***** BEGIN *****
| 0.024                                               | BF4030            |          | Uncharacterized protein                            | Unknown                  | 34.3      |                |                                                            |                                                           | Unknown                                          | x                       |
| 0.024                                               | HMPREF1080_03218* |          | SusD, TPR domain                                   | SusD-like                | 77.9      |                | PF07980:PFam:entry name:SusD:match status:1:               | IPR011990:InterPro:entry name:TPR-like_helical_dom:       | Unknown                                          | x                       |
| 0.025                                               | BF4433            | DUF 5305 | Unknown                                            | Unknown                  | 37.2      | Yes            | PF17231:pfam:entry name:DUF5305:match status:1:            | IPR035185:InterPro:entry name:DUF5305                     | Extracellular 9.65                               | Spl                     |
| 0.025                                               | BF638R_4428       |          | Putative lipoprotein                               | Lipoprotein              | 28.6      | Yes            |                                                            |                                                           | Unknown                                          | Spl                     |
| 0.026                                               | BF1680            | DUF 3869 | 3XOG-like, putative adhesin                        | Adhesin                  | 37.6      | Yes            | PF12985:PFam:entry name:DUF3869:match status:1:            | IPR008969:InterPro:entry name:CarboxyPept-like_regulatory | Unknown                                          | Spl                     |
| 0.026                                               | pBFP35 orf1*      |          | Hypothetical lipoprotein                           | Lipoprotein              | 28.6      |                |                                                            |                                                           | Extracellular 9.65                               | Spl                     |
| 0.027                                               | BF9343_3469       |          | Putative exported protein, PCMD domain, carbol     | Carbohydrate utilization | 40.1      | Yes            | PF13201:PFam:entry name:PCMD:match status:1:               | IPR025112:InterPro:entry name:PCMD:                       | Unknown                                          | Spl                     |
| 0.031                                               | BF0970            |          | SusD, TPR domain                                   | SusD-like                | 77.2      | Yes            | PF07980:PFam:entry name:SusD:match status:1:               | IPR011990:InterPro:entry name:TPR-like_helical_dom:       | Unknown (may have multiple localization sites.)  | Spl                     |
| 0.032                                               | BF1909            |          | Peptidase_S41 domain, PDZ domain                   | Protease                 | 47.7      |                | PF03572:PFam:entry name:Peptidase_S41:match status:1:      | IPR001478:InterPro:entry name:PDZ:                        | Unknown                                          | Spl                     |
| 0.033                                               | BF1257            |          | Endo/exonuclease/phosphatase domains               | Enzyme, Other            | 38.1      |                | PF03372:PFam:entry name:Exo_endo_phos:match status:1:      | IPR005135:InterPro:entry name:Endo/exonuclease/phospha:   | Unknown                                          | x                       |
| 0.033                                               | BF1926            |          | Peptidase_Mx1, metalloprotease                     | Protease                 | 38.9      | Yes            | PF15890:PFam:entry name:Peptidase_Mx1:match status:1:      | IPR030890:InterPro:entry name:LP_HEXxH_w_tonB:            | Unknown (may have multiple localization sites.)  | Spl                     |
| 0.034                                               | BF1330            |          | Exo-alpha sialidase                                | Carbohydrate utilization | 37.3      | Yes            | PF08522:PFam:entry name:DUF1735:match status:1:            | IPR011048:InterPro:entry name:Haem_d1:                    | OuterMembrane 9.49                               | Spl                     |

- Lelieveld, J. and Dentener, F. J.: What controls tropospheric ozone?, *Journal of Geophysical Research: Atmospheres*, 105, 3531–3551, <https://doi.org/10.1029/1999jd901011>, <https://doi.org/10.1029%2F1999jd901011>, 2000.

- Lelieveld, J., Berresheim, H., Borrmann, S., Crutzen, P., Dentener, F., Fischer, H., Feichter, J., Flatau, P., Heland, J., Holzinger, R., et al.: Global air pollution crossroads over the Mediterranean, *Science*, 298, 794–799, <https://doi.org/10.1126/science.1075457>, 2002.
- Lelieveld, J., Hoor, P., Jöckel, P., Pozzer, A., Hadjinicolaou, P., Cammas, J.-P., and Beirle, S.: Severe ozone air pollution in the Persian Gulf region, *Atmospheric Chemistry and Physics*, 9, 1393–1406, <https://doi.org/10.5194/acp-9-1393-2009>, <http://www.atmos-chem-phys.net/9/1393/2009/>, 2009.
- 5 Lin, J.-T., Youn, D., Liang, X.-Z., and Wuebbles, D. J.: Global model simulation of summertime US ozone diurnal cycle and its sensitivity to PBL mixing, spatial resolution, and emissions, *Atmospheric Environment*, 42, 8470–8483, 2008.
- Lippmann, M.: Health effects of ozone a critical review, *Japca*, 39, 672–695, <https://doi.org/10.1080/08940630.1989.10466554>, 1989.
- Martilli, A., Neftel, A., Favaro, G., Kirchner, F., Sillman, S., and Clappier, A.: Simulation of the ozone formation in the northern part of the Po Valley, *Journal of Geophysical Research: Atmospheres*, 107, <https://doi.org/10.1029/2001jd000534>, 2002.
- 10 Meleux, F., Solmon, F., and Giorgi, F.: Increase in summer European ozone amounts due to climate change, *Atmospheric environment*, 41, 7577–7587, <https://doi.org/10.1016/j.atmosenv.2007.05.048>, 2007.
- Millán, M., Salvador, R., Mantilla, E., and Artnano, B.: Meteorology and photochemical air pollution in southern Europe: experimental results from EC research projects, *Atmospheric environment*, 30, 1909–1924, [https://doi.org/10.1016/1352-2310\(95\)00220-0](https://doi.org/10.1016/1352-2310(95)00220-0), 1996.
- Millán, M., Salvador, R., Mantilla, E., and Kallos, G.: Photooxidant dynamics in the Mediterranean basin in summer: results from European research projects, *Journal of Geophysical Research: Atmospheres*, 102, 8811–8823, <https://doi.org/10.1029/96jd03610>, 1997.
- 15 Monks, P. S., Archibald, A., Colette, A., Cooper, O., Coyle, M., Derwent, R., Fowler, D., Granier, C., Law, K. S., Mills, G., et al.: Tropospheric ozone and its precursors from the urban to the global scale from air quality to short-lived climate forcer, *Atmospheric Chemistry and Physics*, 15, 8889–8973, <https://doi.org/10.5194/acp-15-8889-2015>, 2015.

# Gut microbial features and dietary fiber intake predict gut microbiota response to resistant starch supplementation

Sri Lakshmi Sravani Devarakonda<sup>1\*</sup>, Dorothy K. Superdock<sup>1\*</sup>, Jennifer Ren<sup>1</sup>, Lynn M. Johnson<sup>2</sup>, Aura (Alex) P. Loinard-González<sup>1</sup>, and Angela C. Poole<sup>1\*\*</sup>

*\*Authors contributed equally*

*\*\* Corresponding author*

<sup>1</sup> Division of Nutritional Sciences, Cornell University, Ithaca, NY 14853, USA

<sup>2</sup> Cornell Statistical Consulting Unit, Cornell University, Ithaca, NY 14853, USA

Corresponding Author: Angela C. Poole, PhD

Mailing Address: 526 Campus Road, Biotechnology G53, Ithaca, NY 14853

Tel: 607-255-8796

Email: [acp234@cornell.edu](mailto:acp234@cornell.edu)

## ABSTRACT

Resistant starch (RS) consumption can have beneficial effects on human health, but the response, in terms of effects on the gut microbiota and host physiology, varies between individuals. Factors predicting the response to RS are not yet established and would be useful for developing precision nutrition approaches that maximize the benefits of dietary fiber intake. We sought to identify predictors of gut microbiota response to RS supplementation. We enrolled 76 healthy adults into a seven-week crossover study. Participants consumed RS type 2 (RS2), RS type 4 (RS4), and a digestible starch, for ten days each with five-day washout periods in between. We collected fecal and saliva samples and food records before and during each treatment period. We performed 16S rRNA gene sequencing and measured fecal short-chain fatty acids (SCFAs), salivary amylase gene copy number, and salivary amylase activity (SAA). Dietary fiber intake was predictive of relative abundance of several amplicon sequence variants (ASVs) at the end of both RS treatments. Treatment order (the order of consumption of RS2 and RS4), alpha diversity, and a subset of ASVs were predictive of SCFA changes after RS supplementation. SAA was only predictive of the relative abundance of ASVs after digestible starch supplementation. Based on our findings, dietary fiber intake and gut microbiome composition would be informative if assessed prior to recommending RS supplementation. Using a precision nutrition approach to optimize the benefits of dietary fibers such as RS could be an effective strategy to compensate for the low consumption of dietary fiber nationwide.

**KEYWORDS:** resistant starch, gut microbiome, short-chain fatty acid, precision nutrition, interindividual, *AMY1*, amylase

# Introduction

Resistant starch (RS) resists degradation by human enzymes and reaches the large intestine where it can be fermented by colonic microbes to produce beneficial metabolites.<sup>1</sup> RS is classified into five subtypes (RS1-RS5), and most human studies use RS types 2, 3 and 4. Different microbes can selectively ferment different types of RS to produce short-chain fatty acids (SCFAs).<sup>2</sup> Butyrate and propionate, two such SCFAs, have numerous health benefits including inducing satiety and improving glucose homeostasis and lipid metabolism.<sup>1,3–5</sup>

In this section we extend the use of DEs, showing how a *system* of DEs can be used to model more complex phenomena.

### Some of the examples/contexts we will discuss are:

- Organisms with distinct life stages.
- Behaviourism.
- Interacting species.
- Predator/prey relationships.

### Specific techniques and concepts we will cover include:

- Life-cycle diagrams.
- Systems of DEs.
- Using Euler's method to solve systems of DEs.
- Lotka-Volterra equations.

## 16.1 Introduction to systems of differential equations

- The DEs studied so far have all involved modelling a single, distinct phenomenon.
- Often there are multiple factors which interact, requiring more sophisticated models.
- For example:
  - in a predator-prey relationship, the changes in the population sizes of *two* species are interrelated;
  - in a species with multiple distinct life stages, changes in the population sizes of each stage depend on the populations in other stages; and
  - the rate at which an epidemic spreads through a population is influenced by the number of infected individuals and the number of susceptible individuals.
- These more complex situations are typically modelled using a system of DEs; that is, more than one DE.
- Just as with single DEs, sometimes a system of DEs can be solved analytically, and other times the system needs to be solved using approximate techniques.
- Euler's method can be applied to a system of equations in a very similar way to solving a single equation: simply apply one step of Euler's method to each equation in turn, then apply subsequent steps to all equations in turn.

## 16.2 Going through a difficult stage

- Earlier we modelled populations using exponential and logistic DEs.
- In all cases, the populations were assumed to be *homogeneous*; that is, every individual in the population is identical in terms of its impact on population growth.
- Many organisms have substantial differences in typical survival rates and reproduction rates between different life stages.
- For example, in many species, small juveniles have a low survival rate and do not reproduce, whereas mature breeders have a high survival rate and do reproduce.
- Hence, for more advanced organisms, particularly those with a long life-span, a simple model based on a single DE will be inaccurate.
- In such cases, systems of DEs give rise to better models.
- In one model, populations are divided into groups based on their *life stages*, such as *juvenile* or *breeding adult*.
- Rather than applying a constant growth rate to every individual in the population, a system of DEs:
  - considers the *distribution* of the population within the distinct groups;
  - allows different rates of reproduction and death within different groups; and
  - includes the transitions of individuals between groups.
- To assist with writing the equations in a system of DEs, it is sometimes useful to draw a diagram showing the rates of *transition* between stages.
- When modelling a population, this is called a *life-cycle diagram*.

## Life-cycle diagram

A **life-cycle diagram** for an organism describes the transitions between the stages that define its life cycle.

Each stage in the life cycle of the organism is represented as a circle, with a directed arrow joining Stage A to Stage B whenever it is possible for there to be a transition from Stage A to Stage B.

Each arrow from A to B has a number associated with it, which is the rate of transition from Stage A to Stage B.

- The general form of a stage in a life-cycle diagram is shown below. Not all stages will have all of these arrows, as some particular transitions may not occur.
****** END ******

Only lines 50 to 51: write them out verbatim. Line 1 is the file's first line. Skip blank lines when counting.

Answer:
- The DEs studied so far have all involved modelling a single, distinct phenomenon.
- Often there are multiple factors which interact, requiring more sophisticated models.